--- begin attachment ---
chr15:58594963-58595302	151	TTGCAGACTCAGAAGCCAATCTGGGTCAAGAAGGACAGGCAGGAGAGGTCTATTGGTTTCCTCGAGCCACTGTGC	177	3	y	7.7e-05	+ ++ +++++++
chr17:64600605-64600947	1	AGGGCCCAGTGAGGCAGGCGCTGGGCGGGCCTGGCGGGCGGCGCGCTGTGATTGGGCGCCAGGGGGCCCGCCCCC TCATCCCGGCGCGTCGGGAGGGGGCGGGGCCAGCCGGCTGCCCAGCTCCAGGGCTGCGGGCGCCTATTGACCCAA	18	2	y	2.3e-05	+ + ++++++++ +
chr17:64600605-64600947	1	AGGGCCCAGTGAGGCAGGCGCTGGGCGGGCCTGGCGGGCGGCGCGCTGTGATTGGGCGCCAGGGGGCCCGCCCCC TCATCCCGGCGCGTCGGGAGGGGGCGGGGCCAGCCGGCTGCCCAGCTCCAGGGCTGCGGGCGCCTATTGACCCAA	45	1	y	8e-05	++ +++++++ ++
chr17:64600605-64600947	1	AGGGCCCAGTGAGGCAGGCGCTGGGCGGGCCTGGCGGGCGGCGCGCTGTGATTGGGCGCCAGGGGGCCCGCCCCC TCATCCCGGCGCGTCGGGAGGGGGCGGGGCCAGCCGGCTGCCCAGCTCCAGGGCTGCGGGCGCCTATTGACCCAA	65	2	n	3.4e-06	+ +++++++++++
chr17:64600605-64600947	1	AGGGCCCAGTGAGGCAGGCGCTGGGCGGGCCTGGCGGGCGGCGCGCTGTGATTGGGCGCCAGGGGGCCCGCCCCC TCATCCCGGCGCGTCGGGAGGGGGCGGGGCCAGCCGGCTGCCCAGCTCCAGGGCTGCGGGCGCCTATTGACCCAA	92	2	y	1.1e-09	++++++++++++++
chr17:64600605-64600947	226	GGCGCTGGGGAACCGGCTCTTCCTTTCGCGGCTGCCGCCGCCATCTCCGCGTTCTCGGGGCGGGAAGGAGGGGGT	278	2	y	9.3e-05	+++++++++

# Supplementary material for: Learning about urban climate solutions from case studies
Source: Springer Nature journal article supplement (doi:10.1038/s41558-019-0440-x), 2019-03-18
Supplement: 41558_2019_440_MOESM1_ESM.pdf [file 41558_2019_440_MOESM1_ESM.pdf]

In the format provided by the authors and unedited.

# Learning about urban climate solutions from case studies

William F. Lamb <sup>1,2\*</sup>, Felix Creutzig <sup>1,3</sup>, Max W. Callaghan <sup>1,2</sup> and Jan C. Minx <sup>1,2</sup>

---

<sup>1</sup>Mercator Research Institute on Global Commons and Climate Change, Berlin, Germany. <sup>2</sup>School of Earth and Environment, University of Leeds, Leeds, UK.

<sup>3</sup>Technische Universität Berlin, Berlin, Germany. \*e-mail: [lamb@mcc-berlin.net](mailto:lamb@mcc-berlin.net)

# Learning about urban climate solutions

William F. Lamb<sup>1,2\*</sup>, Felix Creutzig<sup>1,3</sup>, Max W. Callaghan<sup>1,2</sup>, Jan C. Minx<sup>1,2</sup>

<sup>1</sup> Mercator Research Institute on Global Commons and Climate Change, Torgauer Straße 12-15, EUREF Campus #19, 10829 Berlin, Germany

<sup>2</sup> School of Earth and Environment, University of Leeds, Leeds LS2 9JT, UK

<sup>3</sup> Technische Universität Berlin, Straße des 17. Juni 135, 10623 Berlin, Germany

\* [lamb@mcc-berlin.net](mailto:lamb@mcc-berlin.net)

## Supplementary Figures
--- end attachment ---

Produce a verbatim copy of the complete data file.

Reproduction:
chr15:58594963-58595302	151	TTGCAGACTCAGAAGCCAATCTGGGTCAAGAAGGACAGGCAGGAGAGGTCTATTGGTTTCCTCGAGCCACTGTGC	177	3	y	7.7e-05	+ ++ +++++++
chr17:64600605-64600947	1	AGGGCCCAGTGAGGCAGGCGCTGGGCGGGCCTGGCGGGCGGCGCGCTGTGATTGGGCGCCAGGGGGCCCGCCCCC TCATCCCGGCGCGTCGGGAGGGGGCGGGGCCAGCCGGCTGCCCAGCTCCAGGGCTGCGGGCGCCTATTGACCCAA	18	2	y	2.3e-05	+ + ++++++++ +
chr17:64600605-64600947	1	AGGGCCCAGTGAGGCAGGCGCTGGGCGGGCCTGGCGGGCGGCGCGCTGTGATTGGGCGCCAGGGGGCCCGCCCCC TCATCCCGGCGCGTCGGGAGGGGGCGGGGCCAGCCGGCTGCCCAGCTCCAGGGCTGCGGGCGCCTATTGACCCAA	45	1	y	8e-05	++ +++++++ ++
chr17:64600605-64600947	1	AGGGCCCAGTGAGGCAGGCGCTGGGCGGGCCTGGCGGGCGGCGCGCTGTGATTGGGCGCCAGGGGGCCCGCCCCC TCATCCCGGCGCGTCGGGAGGGGGCGGGGCCAGCCGGCTGCCCAGCTCCAGGGCTGCGGGCGCCTATTGACCCAA	65	2	n	3.4e-06	+ +++++++++++
chr17:64600605-64600947	1	AGGGCCCAGTGAGGCAGGCGCTGGGCGGGCCTGGCGGGCGGCGCGCTGTGATTGGGCGCCAGGGGGCCCGCCCCC TCATCCCGGCGCGTCGGGAGGGGGCGGGGCCAGCCGGCTGCCCAGCTCCAGGGCTGCGGGCGCCTATTGACCCAA	92	2	y	1.1e-09	++++++++++++++
chr17:64600605-64600947	226	GGCGCTGGGGAACCGGCTCTTCCTTTCGCGGCTGCCGCCGCCATCTCCGCGTTCTCGGGGCGGGAAGGAGGGGGT	278	2	y	9.3e-05	+++++++++

# Supplementary material for: Learning about urban climate solutions from case studies
Source: Springer Nature journal article supplement (doi:10.1038/s41558-019-0440-x), 2019-03-18
Supplement: 41558_2019_440_MOESM1_ESM.pdf [file 41558_2019_440_MOESM1_ESM.pdf]

In the format provided by the authors and unedited.

# Learning about urban climate solutions from case studies

William F. Lamb <sup>1,2\*</sup>, Felix Creutzig <sup>1,3</sup>, Max W. Callaghan <sup>1,2</sup> and Jan C. Minx <sup>1,2</sup>

---

<sup>1</sup>Mercator Research Institute on Global Commons and Climate Change, Berlin, Germany. <sup>2</sup>School of Earth and Environment, University of Leeds, Leeds, UK.

<sup>3</sup>Technische Universität Berlin, Berlin, Germany. \*e-mail: [lamb@mcc-berlin.net](mailto:lamb@mcc-berlin.net)

# Learning about urban climate solutions

William F. Lamb<sup>1,2\*</sup>, Felix Creutzig<sup>1,3</sup>, Max W. Callaghan<sup>1,2</sup>, Jan C. Minx<sup>1,2</sup>

<sup>1</sup> Mercator Research Institute on Global Commons and Climate Change, Torgauer Straße 12-15, EUREF Campus #19, 10829 Berlin, Germany

<sup>2</sup> School of Earth and Environment, University of Leeds, Leeds LS2 9JT, UK

<sup>3</sup> Technische Universität Berlin, Straße des 17. Juni 135, 10623 Berlin, Germany

\* [lamb@mcc-berlin.net](mailto:lamb@mcc-berlin.net)

## Supplementary Figures